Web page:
Thursday, July 19, 2012

Cleopatra VII: Mark Antony

Note: Thank you so much for your support. My previous post "Cleopatra VII: Julius Caesar" has over 500 viewers in less than a month! 

one of the most famous love stories of all time
Cleopatra had known Mark Antony since she was a teenage girl. This was during her father's reign because Mark had helped Ptolemy (her dad) to get back on his throne. She had also met him countless of times during her visit in Rome. He was known to be a handsome man but Cleo never took notice in him, maybe because of their lack of mutual interest: she liked books, learning, science, etc whereas he liked wine and women. That, or maybe it's because he wasn't powerful enough.

Well, that was about to change.

Julius Caesar had been murdered by plotters, so it wasn't surprising that a civil war broke out after his death. It was between Octavius backed by Mark Antony, and Brutus and Cassius, the two men who killed Julius Caesar. Just over a year after Caesar had been killed, Cleo was asked by Octavius and Mark to send some warships. Despite Egypt's famine and plague, Cleo agreed. The reason Cleo agreed to fight alongside Mark and Octavius was that Cassius had been plotting with her only living family member (son is not inclusive)-- Arsinoe/her youngest sister-- to support Arsinoe's claim to the Egyptian throne. Unfortunately, a storm broke out and wrecked her Egyptian warships.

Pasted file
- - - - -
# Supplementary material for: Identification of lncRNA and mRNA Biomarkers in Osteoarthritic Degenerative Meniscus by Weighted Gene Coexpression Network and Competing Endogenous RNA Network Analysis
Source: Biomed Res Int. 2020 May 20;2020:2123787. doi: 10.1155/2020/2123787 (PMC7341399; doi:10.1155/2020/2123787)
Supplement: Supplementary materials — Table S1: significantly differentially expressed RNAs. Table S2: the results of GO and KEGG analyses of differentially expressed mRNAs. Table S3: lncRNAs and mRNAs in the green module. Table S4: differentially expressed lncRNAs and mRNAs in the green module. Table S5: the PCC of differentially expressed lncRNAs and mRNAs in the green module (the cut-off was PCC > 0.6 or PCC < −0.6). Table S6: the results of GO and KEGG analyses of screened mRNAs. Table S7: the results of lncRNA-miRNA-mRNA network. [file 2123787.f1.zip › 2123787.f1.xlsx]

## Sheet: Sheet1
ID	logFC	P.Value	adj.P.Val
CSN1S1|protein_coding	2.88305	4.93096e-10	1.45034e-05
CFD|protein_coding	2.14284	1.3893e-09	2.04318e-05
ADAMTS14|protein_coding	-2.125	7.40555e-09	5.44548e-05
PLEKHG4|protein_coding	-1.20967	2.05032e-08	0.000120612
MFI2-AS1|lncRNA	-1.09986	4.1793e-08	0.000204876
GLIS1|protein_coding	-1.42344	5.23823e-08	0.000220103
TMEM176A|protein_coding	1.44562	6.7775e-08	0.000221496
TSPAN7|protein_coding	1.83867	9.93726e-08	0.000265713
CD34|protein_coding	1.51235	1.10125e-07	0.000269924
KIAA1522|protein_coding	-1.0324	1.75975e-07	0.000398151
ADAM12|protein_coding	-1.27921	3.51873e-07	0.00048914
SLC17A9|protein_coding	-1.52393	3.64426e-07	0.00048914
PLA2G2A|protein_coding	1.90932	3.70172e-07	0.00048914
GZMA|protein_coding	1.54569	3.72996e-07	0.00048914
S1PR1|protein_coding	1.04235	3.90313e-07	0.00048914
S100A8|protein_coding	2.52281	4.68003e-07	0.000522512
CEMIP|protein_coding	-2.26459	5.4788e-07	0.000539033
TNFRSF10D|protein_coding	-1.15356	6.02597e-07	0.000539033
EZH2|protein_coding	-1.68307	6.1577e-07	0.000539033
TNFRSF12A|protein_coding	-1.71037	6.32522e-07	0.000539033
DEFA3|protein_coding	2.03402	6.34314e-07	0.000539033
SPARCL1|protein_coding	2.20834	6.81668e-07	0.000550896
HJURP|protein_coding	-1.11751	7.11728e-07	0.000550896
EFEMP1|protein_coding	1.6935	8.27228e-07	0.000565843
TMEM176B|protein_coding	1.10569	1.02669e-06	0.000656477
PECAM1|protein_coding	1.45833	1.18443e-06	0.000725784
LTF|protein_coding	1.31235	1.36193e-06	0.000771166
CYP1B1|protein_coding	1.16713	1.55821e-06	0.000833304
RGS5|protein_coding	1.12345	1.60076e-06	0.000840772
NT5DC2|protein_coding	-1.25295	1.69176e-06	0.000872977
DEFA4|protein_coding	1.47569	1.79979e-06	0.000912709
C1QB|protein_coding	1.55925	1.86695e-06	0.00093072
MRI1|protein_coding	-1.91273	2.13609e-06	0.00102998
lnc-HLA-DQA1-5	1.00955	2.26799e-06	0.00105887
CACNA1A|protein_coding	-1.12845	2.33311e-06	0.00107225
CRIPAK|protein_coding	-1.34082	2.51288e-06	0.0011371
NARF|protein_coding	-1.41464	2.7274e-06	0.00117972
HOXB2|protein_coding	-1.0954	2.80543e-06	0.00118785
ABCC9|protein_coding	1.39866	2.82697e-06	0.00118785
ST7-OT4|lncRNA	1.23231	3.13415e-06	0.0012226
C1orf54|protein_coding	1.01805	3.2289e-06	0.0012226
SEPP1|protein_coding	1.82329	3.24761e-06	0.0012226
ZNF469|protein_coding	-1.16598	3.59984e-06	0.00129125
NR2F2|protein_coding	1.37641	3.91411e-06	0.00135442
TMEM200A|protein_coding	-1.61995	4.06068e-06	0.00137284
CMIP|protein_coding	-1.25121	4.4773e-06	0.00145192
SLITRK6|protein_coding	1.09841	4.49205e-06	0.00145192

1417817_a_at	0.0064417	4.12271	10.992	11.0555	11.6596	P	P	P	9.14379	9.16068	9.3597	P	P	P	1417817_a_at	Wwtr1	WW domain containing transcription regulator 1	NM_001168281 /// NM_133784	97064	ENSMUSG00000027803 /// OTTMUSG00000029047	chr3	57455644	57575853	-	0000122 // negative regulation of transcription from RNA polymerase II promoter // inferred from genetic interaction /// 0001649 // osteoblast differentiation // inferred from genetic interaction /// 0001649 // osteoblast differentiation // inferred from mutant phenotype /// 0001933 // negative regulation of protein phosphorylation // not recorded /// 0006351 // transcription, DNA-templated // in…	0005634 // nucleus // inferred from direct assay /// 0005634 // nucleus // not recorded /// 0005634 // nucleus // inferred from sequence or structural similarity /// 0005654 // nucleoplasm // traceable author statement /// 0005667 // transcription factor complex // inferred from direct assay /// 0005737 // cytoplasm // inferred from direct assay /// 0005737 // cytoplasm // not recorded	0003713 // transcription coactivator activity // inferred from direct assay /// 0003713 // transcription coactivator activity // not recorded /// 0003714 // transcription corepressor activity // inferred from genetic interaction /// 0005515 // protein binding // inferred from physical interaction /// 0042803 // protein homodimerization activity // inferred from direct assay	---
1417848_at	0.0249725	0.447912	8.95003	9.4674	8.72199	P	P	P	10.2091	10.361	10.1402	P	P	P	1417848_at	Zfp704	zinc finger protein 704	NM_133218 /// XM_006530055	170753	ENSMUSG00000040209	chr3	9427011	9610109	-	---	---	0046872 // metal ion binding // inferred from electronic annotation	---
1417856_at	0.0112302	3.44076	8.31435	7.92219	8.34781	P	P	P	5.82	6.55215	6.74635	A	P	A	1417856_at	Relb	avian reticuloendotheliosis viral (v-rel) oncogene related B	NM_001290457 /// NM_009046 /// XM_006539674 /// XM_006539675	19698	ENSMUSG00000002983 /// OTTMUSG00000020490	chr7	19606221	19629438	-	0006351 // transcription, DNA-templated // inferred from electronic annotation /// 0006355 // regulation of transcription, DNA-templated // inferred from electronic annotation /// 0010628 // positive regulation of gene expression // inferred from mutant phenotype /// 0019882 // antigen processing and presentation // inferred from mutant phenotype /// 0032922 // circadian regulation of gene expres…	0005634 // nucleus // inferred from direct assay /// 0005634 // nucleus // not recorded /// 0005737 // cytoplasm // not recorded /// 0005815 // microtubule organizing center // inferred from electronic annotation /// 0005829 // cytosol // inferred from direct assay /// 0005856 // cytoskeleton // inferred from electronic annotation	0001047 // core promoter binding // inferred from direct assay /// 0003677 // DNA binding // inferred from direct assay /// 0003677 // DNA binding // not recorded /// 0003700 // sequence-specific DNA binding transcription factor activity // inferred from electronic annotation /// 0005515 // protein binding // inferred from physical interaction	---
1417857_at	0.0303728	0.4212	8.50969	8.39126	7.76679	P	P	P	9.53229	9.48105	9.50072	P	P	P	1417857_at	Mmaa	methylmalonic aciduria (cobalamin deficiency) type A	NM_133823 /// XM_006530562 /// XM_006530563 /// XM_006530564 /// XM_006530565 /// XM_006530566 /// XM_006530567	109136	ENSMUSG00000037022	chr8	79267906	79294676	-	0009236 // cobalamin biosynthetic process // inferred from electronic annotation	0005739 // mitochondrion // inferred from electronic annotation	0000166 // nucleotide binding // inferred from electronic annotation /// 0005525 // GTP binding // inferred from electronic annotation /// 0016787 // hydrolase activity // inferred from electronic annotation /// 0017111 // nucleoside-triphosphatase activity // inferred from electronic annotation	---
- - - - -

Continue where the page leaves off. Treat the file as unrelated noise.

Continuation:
In the end, Mark and Octavius won the battle without Cleo's help. It was agreed that Octavius (now called Octavian) would rule the western half of the empire and Mark the eastern part. That was good news to Cleo because it meant that she would be able to just deal with Mark, since Octavian wasn't very happy with Cleo for being the mother of his uncle's only son/living child. Nevertheless, Mark was not pleased that Cleo hadn't sent any warships. Of course, he didn't know that her fleet was destroyed in a storm so he decided to pay her a visit.
When Mark got into the river bank to meet Cleo, he was surprised by how sensational this young Egyptian Queen was. On top of it all they met in the city Tarsus, on the river Cydnus. What makes this special is the city Tarsus had been known to be the place where the goddess of love, Aphrodite, met the god Dionysus. Cleo was then dressed as Aphrodite and as it was, this romance have turned out to be one of the most famous love stories of all time.

Now that Mark had fallen right under Cleo's spell, the Romans accused Cleo as a loose woman. The truth is, Cleo only had two boyfriends in her entire life time, it was just that they both happened to be very powerful Romans and she wasn't married to either one of them. Should he still be what he was when Cleo was a teenager, Cleo wouldn't even give him a second look. Was it true love?